It is late
Y los niños dicen que they are tired,
Que ya bajó el sol
And they are ready to sleep by candlelight.
I should know.
The balcony is so beautiful
When all you see are the stars,
And all you hear is silence
& the sound of an old kazoo played
Across the street by someone half your age.
There is nothing left except hope,
And the stars.
Wait until the coffee can be grown
It will take 5 years for the plátanos to be ours,
Until then, they come from La República,
Avoiding the storm,
Seeing the living.
My best friend in the city
Lost her father to la planta;
It sat in the middle of the bedroom
& he closed himself into it.
We sat in the dark,
Shared drinking water with our neighbors,
Watched historical buildings
Break into communion bread for hurricanes.
We waited for sun to come.
4,645 people never saw it rise.
4,645 people left their shoes in front of Ricky Rosselló’s home,
Their time had come.
I read books by Junot Díaz in la oscuridad,
Wondered how places like Paterson y El Barrio would survive sin luz.
I envision guns,
Asaltos Navideños happening at the corner store.
As if those things didn’t happen here.
As if we were immune to la desesperación.
The dead speak to us all.
Turn off the gas,
Inhale El Morro in its stubborn beauty.
It had been almost 100 years since a natural disaster
Came to remind us of our worth.
I hang my work shirts out to dry.
Jesús, María y José I overhear
The neighbor pray,
Deep in fervor.
It is late, the children say.
We are all so tired, murmuran los ancianos.
It is cold at nights,
Los mosquitos bailan en un sueño eterno.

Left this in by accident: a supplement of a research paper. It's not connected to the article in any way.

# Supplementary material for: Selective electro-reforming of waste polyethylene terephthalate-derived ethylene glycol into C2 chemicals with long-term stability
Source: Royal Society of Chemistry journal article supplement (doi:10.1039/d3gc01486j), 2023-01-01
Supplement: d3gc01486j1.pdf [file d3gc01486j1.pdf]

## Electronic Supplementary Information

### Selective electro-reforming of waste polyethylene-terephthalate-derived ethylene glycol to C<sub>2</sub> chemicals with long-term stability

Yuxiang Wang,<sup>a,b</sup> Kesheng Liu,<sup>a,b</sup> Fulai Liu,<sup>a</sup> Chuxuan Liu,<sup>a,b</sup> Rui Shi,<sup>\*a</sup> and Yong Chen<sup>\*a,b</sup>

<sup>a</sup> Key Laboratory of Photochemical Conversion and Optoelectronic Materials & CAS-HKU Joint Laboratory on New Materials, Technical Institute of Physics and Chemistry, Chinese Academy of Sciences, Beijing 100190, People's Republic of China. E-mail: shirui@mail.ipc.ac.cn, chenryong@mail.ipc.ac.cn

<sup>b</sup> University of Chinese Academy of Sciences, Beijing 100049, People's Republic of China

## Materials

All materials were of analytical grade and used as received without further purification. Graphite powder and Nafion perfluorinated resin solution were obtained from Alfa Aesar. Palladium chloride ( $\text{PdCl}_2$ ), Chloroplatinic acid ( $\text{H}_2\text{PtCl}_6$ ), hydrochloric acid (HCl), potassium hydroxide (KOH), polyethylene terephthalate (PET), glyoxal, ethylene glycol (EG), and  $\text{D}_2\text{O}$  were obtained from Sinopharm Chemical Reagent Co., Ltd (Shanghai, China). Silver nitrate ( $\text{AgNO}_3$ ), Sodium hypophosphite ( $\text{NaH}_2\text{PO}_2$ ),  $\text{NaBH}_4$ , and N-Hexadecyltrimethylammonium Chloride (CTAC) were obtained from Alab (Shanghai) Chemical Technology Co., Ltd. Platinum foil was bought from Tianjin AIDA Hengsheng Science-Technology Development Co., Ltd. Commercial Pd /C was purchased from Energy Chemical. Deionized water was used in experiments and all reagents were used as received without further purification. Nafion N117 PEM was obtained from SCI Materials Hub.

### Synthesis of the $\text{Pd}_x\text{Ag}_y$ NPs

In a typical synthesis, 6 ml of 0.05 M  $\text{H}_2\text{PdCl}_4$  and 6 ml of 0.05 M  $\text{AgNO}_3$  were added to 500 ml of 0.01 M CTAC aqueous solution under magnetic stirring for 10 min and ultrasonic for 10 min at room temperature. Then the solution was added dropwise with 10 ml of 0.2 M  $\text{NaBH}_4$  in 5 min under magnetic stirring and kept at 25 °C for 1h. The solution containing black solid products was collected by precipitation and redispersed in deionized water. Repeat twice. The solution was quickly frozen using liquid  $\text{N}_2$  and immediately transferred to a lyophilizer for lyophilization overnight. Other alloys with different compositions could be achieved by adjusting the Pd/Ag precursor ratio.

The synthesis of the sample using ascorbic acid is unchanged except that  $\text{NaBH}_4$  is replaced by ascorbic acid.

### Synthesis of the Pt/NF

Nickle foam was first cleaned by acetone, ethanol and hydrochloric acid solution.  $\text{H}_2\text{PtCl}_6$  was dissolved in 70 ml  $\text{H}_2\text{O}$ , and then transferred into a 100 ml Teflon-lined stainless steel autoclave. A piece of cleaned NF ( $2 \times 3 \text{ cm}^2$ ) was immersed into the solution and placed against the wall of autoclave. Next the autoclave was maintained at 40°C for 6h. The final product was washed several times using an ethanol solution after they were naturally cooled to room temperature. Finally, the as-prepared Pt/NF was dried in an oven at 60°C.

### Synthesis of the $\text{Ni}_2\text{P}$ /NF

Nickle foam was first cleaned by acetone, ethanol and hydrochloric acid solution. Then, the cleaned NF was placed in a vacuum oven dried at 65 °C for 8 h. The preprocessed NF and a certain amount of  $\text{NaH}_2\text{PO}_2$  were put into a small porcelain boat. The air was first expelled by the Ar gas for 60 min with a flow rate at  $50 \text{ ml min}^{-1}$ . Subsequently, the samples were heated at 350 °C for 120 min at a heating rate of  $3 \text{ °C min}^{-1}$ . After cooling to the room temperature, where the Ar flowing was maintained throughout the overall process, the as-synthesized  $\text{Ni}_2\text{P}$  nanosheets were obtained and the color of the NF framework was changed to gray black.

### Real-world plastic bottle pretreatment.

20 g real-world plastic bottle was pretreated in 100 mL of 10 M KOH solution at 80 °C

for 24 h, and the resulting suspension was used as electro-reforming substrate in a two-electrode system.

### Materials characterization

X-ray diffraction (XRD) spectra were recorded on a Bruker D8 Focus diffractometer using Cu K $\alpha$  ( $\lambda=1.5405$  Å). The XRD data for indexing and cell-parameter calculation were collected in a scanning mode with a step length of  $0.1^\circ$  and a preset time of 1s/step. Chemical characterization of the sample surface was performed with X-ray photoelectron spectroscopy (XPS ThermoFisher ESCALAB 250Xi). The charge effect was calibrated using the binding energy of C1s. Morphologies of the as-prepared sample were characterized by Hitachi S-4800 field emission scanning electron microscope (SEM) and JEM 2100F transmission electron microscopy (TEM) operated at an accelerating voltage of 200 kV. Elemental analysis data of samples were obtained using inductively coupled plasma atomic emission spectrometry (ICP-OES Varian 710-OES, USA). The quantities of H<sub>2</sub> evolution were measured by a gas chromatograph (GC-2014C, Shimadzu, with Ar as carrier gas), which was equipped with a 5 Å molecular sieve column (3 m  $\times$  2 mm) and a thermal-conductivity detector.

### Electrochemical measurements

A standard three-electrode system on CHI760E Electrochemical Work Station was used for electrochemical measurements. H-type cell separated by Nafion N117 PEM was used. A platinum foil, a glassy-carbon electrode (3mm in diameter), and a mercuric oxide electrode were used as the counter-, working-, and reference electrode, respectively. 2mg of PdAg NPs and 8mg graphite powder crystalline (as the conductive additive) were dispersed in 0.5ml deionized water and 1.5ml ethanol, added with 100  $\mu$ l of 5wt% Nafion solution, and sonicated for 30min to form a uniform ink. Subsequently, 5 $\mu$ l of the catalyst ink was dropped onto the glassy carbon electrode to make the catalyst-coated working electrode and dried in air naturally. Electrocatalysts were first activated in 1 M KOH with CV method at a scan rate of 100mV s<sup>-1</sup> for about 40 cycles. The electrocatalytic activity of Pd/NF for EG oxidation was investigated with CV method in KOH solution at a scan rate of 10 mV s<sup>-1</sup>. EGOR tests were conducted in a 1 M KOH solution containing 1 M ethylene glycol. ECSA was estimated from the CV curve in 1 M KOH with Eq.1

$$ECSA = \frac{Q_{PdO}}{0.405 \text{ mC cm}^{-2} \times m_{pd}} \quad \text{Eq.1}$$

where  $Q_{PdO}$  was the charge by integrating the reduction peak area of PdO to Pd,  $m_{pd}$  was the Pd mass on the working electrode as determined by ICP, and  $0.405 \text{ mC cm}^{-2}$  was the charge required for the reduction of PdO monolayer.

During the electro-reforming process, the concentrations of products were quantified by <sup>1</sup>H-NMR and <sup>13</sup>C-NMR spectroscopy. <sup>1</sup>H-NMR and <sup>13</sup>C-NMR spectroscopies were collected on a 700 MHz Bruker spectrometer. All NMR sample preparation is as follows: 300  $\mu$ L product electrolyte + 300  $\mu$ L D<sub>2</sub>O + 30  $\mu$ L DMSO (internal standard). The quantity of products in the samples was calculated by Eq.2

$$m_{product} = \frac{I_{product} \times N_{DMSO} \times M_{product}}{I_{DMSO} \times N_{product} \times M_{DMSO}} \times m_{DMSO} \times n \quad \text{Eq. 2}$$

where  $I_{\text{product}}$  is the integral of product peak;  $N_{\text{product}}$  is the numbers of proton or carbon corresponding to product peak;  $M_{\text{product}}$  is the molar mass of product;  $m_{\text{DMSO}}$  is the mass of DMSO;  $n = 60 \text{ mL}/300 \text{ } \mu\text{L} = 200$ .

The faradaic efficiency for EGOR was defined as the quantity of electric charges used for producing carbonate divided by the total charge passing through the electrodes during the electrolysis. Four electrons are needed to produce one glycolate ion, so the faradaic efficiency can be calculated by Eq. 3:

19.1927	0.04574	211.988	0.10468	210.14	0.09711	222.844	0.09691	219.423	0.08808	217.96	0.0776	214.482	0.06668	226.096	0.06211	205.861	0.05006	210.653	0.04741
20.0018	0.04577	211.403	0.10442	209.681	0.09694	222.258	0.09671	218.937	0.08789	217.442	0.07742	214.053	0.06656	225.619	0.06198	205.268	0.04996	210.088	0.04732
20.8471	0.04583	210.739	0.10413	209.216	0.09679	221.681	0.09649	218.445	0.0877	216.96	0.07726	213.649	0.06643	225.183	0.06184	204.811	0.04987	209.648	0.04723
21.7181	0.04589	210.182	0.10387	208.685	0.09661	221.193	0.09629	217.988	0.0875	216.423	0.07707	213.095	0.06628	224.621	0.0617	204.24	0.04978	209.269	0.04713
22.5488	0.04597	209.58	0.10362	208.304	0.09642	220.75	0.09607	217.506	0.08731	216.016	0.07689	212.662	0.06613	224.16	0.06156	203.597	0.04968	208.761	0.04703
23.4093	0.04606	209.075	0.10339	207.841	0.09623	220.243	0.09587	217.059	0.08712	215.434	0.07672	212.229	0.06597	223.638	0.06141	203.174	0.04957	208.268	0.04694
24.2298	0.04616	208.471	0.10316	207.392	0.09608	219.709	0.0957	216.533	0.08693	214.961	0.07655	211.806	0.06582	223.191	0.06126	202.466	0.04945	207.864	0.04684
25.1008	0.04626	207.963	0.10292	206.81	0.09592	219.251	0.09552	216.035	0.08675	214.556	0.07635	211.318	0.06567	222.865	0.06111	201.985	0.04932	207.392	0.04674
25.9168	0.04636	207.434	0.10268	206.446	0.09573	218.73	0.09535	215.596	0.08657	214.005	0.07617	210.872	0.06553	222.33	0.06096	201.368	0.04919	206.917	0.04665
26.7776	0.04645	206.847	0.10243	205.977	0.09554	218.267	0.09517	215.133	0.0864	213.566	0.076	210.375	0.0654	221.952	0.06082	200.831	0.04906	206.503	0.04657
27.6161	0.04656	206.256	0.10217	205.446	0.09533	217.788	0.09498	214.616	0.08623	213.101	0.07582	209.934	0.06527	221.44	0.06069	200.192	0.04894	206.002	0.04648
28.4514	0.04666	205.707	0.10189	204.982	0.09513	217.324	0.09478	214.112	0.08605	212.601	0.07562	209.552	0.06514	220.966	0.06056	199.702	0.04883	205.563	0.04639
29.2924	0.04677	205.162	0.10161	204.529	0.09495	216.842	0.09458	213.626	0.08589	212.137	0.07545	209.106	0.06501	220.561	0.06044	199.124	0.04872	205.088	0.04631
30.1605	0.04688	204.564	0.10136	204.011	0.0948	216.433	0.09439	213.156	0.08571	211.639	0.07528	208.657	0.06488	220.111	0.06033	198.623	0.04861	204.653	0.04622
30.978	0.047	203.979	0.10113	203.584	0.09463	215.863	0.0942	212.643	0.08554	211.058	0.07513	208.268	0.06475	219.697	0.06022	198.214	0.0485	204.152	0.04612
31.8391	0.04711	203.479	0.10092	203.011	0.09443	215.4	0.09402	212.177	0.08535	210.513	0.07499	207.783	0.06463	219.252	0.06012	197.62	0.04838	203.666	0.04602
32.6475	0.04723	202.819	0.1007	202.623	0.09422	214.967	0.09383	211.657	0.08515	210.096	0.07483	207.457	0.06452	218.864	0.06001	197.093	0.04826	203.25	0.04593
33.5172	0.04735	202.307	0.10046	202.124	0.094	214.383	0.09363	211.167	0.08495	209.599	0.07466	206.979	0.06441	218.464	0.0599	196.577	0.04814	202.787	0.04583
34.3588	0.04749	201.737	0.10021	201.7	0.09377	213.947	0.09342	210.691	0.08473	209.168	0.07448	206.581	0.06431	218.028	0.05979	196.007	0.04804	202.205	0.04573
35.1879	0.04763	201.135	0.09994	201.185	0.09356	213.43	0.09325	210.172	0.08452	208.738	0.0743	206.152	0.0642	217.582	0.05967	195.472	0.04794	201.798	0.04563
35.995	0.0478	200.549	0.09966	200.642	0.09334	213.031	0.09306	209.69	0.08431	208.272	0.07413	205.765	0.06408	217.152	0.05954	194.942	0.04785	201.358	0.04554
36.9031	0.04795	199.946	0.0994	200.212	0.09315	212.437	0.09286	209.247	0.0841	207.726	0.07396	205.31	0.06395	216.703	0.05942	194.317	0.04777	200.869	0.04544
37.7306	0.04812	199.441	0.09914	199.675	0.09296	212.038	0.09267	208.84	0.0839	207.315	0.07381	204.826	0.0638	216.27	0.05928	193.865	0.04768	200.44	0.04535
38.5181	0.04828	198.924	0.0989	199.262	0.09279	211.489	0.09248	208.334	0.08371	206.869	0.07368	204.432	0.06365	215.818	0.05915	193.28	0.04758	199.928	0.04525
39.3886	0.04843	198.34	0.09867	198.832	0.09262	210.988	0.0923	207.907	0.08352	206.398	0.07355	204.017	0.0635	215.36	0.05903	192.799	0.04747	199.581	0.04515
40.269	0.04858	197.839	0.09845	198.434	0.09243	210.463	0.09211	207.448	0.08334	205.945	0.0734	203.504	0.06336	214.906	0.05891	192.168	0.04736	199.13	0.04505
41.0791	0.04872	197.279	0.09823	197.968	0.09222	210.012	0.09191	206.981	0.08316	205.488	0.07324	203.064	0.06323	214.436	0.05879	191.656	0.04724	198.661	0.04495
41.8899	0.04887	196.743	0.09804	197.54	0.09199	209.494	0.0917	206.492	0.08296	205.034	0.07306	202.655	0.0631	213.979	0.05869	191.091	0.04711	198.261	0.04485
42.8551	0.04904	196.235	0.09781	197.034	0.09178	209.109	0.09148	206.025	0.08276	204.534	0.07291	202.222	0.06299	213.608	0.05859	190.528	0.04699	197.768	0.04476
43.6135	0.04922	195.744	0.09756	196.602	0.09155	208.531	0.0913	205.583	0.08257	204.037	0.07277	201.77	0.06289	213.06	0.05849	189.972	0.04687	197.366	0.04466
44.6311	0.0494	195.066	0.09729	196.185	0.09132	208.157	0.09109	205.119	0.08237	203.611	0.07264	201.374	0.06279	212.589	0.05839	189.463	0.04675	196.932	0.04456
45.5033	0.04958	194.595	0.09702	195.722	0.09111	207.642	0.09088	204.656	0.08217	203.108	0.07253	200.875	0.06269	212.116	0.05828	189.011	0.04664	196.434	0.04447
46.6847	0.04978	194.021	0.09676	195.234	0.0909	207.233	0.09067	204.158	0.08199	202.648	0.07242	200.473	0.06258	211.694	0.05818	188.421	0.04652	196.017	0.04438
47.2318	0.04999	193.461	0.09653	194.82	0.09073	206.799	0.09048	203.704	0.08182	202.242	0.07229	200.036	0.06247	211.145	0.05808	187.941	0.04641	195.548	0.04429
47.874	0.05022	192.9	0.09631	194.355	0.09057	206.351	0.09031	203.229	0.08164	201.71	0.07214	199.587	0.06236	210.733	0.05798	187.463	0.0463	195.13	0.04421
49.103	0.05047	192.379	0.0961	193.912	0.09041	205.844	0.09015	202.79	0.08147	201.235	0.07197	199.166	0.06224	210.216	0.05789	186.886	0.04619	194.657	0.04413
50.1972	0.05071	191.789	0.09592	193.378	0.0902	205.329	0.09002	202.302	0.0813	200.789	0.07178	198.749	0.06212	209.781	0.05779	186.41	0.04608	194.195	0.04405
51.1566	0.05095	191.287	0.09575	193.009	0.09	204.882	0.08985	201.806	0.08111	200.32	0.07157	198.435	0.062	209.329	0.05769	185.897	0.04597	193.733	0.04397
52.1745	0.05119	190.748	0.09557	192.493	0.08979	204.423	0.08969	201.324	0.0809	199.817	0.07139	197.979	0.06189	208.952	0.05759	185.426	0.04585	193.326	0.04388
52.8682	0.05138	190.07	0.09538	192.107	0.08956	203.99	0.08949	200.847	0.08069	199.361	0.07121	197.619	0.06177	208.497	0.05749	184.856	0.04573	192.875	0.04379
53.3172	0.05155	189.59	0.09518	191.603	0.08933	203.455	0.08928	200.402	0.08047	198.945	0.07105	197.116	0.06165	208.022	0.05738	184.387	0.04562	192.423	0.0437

That our island grows back into a nation.
To keep our loved ones together.
For our centers to be illuminated
Under turmoil, times of trouble, and darkness with no return.
20 de septiembre
You said we should stay together,
That natural disasters make people grow closer.
(I thought, “Or sometimes tear them apart.”)
You said that our people needed us,
And we went forth into the world, our island,
Giving out water and food, fighting against fear,
Loving each other in lack of light.
But how was I to know
That the heat would make us sweat
That we would separate?
Our atoms ripping apart,
The gallon of water a day,
Not sufficient to make us feel full,
You bathed me with the remains of liquid life
9 drops of bleach to kill the bacteria
And as we rationed those last drops,
I should have known that what was natural
Was to separate.
The disaster was our hands still held
When everything around us said
Jacqueline Jiang is an educator and a Master’s student at the University of Puerto Rico, Río Piedras. She also works as a poet mentor in high schools throughout the island and offers creative writing workshops to middle school students. Her academic and creative work are both written with the goal of educating the outsiders about the current (and past) socio-political situation in Puerto Rico. She co-chaired the Caribbean Without Borders conference at the University of Puerto Rico and was most recently published in The Acentos Review. You can reach her at firstname.lastname@example.org.